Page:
Annual Greenhouse Gas Index
1. The Annual Greenhouse Gas Index (AGGI) is a measure of the capacity of Earth’s atmosphere to trap heat as a result of the presence of long-lived
3. This indicator presents the increase in radiative
Radiative forcing (shown on the left vertical axis) is the change in the amount of solar radiation, or energy from the sun, that is trapped by the atmosphere and remains near Earth. When radiative forcing is greater than zero, it has a warming effect; when it is less than zero, it has a cooling effect. In this indicator, radiative forcing from long-lived greenhouse gases is shown relative to the year 1750. The AGGI (shown on the right vertical axis) is an index of radiative forcing normalized to the year 1990; it shows how the warming influence of greenhouse gases in the atmosphere has increased since that year.
This indicator demonstrates the change in radiative forcing resulting from changing concentrations of the following greenhouse gases: carbon dioxide (CO₂), methane (CH₄), nitrous oxide (N₂O), chlorofluorocarbons (CFC-11 and CFC-12), and a set of 15 minor, long-lived halogenated gases. The National Oceanic and Atmospheric Administration (NOAA) Global Monitoring Division provides high-precision measurements of the abundance and distribution of long-lived greenhouse gases that are used to calculate global average concentrations. Radiative forcing for each gas is computed from these concentrations, and total radiative forcing for all gases is used to calculate the AGGI.
The AGGI shows that the warming influence of long-lived greenhouse gases in the atmosphere increased by 37% between 1990 and 2015. Carbon dioxide is currently the largest contributor to radiative forcing. Radiative forcing from methane increased between 2007 and 2013 after having been nearly constant from 1999 to 2006. From 2014 to 2015 methane increased substantially faster than it had from 2007 to 2013. Similarly, nitrous oxide has increased faster in recent years. Owing to the Montreal Protocol, an international agreement signed in 1987, radiative forcing from chlorofluorocarbons ceased increasing in about 2000 and is now declining. However, CFC replacements (many of the “other halogenated gases” in the graph) have been increasing since the phase-out of CFCs.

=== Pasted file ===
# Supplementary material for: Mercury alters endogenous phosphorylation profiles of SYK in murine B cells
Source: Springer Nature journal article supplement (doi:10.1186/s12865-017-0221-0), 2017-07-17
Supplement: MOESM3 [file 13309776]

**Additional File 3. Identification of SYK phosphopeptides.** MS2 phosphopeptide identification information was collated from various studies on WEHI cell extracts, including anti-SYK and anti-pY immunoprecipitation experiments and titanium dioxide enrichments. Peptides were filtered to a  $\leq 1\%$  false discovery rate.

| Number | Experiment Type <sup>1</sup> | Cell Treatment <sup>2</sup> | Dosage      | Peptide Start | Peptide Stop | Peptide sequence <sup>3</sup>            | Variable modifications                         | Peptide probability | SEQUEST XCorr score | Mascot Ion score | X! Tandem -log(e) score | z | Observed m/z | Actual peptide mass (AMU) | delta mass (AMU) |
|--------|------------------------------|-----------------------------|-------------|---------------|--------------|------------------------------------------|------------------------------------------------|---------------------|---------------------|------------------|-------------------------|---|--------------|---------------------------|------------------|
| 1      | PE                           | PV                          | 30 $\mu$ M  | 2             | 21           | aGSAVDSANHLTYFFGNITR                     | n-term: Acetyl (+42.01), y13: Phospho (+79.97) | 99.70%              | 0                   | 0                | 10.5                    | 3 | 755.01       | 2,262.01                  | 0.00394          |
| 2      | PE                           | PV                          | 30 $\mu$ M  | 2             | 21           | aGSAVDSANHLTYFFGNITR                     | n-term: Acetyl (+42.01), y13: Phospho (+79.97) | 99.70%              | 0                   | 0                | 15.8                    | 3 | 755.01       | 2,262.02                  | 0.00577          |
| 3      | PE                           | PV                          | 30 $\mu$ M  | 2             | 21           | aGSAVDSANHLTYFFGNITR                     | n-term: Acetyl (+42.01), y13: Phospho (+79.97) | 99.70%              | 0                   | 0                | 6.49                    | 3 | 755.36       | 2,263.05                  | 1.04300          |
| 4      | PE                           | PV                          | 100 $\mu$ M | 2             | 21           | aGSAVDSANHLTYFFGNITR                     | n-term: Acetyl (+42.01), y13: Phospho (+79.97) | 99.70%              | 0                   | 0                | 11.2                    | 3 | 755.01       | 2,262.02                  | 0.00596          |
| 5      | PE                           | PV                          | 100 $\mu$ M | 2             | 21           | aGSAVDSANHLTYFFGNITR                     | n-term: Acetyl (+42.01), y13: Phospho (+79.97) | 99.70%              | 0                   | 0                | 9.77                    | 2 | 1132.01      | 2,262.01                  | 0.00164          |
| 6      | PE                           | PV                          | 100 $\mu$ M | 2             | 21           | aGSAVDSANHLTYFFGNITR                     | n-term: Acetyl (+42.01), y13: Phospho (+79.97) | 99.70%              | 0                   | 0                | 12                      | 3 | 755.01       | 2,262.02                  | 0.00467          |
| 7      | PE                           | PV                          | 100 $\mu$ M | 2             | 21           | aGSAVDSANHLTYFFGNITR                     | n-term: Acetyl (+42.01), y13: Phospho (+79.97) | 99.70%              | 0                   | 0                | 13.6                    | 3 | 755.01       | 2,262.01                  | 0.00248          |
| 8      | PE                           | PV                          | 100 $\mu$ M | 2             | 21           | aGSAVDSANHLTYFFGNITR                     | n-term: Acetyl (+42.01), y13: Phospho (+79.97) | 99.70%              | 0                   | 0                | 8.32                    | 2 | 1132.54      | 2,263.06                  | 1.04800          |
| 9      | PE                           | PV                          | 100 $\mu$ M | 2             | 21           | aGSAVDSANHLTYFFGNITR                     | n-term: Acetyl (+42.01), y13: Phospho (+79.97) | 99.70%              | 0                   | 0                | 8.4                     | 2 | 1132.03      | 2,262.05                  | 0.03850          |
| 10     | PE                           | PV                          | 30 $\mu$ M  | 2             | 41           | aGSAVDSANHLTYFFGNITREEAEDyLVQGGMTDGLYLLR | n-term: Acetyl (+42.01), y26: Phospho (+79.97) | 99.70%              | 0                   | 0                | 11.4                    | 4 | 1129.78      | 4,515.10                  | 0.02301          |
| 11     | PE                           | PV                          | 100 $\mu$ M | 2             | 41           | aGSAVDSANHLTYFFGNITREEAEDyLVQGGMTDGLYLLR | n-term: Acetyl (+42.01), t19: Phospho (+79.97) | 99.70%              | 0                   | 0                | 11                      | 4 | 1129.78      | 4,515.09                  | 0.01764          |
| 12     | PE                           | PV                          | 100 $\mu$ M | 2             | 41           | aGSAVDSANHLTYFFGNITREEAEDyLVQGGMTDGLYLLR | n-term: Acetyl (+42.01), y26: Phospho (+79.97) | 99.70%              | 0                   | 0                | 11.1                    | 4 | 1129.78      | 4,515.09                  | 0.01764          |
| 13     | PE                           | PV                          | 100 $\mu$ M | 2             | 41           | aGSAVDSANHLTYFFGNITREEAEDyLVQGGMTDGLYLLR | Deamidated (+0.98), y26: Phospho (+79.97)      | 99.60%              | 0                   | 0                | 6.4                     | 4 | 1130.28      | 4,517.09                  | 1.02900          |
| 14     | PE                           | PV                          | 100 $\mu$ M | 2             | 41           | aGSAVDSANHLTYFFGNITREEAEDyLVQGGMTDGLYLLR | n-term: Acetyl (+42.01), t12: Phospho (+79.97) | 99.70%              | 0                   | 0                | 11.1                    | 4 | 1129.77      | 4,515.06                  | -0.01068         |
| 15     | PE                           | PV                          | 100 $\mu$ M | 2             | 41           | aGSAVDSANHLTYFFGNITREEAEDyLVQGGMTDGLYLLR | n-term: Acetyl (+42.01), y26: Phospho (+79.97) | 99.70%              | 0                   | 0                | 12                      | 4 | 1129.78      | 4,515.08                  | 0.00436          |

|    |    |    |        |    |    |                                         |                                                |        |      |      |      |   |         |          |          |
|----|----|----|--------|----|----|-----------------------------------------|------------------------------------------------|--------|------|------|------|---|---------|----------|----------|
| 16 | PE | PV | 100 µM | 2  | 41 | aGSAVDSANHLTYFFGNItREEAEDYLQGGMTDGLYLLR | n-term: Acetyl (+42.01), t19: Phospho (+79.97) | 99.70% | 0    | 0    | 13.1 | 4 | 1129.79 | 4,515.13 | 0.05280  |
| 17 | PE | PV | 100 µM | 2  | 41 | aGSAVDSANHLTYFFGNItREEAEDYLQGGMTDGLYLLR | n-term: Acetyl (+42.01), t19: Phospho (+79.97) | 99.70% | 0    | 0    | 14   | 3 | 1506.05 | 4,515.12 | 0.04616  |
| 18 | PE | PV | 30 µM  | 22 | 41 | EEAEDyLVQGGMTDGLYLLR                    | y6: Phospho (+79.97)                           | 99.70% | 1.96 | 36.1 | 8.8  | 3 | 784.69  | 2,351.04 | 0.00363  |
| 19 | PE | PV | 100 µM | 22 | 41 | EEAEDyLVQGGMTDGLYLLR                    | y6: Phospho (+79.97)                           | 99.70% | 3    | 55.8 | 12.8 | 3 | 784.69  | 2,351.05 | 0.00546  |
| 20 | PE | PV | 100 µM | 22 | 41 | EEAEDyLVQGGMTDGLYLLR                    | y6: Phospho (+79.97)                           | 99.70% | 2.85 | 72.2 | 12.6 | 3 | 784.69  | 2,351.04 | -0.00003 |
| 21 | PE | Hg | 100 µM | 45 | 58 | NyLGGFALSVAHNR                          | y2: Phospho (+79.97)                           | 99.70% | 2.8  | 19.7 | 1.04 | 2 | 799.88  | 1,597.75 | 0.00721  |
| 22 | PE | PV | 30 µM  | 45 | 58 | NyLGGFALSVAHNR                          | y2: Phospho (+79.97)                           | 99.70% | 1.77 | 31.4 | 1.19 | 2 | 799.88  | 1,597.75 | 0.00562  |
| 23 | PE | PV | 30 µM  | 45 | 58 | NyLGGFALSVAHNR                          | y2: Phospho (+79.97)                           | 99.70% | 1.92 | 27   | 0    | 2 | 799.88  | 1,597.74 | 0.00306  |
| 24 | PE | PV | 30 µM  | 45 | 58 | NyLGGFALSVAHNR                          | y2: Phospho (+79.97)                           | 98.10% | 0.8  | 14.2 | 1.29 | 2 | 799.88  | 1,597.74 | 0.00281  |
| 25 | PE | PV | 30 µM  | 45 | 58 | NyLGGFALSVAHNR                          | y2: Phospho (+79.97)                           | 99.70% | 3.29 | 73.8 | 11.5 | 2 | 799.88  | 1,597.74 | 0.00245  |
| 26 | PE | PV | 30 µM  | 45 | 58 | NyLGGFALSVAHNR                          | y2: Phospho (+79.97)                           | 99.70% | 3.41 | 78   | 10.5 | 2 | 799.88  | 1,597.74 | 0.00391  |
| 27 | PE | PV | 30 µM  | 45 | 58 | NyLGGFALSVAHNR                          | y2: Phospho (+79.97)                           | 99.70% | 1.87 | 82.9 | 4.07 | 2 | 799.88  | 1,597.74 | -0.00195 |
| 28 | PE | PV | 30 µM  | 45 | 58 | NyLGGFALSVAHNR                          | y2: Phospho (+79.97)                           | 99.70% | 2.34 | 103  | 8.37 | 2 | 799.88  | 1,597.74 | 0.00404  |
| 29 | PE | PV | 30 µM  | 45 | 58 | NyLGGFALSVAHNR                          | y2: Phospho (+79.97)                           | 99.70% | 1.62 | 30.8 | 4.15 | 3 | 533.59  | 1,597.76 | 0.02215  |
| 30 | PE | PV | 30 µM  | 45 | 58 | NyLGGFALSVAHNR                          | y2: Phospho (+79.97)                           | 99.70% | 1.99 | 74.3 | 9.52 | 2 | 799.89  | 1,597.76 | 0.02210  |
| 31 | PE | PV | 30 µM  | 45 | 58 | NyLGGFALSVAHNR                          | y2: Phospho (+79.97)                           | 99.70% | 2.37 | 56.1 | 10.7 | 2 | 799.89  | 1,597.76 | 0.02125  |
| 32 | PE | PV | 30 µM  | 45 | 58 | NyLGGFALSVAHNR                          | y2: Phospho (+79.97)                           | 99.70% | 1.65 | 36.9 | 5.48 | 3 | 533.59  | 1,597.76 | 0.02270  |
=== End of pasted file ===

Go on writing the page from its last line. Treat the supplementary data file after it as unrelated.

Fundamentally, the AGGI is a measure of what human activity has already done to affect the climate system through greenhouse gas emissions. It provides quantitative information in a simplified, standardized format that summarizes trends in the major GHG emitted by human activities.